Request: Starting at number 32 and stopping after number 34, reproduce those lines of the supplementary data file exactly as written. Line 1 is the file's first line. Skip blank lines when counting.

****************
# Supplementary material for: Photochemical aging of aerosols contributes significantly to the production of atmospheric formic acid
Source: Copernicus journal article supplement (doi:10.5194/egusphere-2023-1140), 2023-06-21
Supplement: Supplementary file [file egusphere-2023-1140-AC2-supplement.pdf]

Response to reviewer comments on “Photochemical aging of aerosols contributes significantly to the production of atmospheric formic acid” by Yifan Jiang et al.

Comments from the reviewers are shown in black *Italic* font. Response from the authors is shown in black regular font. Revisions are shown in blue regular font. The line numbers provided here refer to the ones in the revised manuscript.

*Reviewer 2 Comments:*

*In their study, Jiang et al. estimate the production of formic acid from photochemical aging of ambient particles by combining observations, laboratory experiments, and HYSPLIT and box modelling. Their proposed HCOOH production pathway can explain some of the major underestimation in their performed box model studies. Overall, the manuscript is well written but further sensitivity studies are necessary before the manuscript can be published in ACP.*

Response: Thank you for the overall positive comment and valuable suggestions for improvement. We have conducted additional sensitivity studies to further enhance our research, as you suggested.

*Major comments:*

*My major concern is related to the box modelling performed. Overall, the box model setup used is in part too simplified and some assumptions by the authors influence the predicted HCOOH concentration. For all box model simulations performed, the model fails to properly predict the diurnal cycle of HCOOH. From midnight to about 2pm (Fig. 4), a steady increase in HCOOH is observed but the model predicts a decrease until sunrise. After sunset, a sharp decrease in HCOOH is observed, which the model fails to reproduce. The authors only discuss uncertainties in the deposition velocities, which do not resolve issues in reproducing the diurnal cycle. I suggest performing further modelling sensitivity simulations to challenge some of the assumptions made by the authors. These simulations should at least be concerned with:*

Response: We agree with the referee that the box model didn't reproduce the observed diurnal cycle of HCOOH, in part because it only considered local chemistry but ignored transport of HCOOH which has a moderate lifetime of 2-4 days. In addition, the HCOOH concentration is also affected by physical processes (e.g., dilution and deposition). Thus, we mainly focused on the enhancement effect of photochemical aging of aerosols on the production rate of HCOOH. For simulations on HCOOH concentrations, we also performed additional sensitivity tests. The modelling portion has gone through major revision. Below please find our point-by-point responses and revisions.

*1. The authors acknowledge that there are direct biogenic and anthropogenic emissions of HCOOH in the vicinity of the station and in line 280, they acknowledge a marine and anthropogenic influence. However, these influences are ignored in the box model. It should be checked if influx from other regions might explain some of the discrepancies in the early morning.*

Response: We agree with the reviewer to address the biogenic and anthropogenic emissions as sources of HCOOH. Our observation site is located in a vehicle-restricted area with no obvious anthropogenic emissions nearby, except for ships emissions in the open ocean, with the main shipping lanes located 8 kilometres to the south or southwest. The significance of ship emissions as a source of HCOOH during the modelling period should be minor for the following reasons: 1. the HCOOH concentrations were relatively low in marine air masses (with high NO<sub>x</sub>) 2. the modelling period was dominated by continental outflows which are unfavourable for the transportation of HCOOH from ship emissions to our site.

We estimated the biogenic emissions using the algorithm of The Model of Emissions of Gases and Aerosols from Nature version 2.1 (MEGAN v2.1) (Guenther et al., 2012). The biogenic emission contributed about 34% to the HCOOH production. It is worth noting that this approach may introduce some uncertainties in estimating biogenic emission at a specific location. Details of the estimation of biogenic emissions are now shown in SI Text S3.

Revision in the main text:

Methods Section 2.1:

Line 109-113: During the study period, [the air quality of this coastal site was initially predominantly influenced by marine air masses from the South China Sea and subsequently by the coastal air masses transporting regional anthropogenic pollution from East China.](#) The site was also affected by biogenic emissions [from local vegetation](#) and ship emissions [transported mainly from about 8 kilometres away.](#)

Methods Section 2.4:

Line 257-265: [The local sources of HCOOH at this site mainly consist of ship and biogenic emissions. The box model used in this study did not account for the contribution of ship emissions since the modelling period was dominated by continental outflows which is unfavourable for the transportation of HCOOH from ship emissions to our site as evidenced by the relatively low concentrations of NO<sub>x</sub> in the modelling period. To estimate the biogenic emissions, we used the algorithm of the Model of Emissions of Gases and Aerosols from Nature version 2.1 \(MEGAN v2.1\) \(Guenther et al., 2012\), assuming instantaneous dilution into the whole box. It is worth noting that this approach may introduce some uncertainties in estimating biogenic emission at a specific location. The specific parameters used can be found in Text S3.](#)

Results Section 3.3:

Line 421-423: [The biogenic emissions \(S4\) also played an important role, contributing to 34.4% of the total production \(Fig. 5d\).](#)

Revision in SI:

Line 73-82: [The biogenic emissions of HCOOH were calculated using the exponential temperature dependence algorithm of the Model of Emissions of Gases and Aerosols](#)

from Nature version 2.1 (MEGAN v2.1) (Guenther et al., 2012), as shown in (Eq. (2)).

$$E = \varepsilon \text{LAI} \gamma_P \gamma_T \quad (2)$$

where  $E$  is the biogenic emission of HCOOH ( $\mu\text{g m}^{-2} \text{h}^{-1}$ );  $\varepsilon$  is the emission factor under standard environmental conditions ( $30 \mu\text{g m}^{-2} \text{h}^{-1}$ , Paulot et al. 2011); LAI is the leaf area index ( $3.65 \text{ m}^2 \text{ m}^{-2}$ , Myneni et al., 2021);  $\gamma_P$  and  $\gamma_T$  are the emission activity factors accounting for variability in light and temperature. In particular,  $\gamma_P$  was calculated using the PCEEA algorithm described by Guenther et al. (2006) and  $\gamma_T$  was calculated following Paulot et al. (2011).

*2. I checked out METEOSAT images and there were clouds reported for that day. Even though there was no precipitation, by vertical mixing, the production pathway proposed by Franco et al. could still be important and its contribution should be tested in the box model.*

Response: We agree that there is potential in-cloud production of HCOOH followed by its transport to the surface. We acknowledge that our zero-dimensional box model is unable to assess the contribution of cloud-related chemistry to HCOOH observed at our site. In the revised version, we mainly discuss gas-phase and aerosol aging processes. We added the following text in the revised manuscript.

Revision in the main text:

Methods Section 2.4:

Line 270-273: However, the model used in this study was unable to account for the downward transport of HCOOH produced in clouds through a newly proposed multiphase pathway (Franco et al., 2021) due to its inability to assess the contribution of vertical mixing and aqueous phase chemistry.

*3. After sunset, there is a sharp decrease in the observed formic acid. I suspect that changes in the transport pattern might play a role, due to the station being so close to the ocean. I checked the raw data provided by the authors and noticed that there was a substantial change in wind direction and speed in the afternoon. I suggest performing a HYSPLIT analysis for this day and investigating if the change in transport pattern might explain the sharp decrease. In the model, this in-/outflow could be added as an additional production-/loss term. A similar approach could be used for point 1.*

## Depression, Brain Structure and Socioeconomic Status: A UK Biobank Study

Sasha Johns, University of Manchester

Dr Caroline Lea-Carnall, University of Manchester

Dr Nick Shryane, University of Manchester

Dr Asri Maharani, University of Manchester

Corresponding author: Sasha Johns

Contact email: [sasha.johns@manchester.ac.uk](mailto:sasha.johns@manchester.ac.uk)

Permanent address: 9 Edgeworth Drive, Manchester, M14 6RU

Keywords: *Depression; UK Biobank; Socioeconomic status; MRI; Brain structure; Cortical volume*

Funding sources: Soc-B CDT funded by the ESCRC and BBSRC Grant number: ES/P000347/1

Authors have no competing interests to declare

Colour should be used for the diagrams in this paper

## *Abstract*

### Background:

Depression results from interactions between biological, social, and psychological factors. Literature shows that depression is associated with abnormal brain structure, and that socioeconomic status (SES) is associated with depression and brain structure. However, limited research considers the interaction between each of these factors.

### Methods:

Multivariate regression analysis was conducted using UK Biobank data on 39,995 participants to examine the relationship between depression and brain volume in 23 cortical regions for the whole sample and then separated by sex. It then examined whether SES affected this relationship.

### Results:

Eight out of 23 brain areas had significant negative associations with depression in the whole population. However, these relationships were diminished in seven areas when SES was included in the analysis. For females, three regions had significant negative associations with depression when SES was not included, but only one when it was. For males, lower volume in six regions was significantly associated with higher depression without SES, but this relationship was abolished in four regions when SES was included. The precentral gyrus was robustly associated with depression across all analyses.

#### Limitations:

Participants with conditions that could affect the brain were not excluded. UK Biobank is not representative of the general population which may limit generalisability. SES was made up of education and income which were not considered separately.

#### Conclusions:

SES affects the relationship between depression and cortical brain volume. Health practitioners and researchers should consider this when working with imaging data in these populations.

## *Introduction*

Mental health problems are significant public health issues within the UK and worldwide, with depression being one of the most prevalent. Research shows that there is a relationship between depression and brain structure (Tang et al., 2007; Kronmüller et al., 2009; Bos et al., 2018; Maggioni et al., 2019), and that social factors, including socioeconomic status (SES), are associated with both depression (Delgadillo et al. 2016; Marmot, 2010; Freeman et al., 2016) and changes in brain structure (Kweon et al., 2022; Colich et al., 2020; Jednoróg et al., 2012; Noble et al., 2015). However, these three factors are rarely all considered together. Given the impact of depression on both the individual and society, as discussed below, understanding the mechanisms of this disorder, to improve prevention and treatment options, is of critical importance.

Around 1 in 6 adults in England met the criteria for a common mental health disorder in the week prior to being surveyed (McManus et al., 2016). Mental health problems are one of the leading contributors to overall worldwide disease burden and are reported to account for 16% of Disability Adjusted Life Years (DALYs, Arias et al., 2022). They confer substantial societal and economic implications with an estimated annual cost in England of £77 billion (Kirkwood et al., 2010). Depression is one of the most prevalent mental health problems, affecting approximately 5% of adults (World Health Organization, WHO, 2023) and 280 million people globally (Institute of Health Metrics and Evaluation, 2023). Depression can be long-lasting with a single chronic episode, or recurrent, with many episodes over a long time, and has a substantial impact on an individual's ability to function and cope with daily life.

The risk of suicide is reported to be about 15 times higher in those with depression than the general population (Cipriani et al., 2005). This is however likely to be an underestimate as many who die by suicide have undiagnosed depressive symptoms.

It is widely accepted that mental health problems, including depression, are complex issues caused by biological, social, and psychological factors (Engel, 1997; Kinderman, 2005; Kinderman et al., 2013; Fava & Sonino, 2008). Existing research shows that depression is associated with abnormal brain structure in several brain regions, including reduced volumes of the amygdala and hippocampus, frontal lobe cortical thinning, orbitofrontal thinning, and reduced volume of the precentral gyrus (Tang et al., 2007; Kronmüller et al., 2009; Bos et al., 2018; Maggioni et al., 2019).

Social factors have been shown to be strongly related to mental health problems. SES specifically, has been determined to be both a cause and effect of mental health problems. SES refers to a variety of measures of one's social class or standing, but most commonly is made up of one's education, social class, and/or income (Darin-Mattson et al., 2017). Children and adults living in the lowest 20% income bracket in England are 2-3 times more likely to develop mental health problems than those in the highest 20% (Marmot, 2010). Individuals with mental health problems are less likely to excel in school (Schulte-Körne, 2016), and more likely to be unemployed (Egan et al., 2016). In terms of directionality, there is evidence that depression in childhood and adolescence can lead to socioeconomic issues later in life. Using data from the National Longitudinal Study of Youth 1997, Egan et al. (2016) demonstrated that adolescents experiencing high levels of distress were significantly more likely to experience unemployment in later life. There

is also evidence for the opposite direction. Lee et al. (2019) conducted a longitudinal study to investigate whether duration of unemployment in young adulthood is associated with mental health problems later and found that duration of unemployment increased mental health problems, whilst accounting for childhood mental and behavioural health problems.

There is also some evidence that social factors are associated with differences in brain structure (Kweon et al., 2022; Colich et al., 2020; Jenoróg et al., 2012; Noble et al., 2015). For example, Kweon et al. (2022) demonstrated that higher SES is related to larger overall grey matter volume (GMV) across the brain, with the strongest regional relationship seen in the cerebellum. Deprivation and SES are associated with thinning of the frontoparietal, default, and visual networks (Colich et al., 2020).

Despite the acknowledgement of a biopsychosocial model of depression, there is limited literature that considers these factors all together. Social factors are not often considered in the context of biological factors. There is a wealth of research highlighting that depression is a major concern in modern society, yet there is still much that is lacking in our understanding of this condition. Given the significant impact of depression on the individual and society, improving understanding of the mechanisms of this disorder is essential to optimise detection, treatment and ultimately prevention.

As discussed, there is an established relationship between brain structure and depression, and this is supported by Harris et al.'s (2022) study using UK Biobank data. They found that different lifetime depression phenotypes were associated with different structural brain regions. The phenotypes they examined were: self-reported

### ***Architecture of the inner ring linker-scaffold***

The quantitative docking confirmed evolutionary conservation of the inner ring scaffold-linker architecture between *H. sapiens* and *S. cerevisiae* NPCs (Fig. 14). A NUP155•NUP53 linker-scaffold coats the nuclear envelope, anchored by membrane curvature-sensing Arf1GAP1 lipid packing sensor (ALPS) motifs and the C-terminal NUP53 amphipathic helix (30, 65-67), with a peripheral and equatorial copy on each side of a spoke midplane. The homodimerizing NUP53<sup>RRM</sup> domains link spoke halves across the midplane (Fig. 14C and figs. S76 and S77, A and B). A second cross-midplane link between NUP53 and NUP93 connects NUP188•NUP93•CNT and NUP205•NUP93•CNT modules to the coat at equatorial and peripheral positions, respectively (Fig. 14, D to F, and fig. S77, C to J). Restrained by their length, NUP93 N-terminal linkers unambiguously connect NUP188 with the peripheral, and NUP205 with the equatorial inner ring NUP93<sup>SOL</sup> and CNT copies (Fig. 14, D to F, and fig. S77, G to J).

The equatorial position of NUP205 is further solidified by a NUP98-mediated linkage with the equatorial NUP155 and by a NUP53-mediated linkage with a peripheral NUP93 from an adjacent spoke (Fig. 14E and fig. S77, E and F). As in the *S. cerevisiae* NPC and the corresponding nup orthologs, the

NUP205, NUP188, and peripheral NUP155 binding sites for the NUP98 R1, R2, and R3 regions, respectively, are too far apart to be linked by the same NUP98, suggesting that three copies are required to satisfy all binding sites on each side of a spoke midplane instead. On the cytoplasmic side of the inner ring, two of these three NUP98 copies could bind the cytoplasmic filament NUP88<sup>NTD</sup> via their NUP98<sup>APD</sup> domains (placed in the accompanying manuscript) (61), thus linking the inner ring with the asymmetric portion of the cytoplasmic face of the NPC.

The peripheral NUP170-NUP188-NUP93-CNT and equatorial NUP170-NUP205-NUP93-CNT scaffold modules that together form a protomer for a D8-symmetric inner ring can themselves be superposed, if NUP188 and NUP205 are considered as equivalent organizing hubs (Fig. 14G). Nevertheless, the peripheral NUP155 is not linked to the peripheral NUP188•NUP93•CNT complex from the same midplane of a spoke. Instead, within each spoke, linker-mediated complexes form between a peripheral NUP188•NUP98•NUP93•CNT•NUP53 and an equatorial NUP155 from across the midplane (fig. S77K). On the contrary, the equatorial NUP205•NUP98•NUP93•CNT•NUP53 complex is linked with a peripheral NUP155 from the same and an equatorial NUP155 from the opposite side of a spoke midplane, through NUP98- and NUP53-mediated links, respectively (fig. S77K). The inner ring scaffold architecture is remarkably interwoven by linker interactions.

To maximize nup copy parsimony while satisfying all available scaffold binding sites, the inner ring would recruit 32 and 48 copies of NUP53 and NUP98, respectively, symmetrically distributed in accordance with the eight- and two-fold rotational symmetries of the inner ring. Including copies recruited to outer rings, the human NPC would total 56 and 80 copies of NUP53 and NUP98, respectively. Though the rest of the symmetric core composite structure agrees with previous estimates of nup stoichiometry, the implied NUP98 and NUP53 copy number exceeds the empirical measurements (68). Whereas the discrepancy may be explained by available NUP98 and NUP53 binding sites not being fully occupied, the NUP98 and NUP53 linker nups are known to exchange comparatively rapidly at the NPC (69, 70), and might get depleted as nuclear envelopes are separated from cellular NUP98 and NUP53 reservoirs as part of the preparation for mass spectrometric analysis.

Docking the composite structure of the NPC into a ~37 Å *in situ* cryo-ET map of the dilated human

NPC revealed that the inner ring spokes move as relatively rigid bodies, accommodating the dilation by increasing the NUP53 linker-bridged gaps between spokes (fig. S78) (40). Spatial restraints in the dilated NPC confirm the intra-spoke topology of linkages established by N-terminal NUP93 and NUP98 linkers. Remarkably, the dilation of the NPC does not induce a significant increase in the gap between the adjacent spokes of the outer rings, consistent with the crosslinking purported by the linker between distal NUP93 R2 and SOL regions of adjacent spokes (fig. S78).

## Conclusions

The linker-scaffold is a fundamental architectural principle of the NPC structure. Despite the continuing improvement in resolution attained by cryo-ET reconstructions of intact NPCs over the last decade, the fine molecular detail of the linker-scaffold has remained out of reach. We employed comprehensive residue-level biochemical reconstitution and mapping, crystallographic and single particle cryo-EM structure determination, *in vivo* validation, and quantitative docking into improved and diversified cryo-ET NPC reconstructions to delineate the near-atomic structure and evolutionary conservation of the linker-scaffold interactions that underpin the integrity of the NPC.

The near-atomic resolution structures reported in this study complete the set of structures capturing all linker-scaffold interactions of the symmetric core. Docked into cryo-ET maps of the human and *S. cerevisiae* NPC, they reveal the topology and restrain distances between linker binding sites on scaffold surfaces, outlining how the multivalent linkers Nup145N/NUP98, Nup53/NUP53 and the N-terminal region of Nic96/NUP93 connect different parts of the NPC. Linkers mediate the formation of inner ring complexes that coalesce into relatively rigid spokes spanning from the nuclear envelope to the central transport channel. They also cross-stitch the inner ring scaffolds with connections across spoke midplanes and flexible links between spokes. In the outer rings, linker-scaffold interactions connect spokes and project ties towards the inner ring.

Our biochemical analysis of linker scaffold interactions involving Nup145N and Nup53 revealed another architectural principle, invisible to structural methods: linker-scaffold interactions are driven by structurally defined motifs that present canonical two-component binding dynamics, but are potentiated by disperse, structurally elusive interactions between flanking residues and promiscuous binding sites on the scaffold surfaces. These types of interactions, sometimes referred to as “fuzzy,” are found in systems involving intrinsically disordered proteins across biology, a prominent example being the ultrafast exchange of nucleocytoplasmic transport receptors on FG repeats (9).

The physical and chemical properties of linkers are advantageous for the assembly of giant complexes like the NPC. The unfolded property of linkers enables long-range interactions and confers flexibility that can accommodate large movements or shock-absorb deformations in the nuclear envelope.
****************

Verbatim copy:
*3. After sunset, there is a sharp decrease in the observed formic acid. I suspect that changes in the transport pattern might play a role, due to the station being so close to the ocean. I checked the raw data provided by the authors and noticed that there was a substantial change in wind direction and speed in the afternoon. I suggest performing a HYSPLIT analysis for this day and investigating if the change in transport pattern might explain the sharp decrease. In the model, this in-/outflow could be added as an additional production-/loss term. A similar approach could be used for point 1.*

## Depression, Brain Structure and Socioeconomic Status: A UK Biobank Study

Sasha Johns, University of Manchester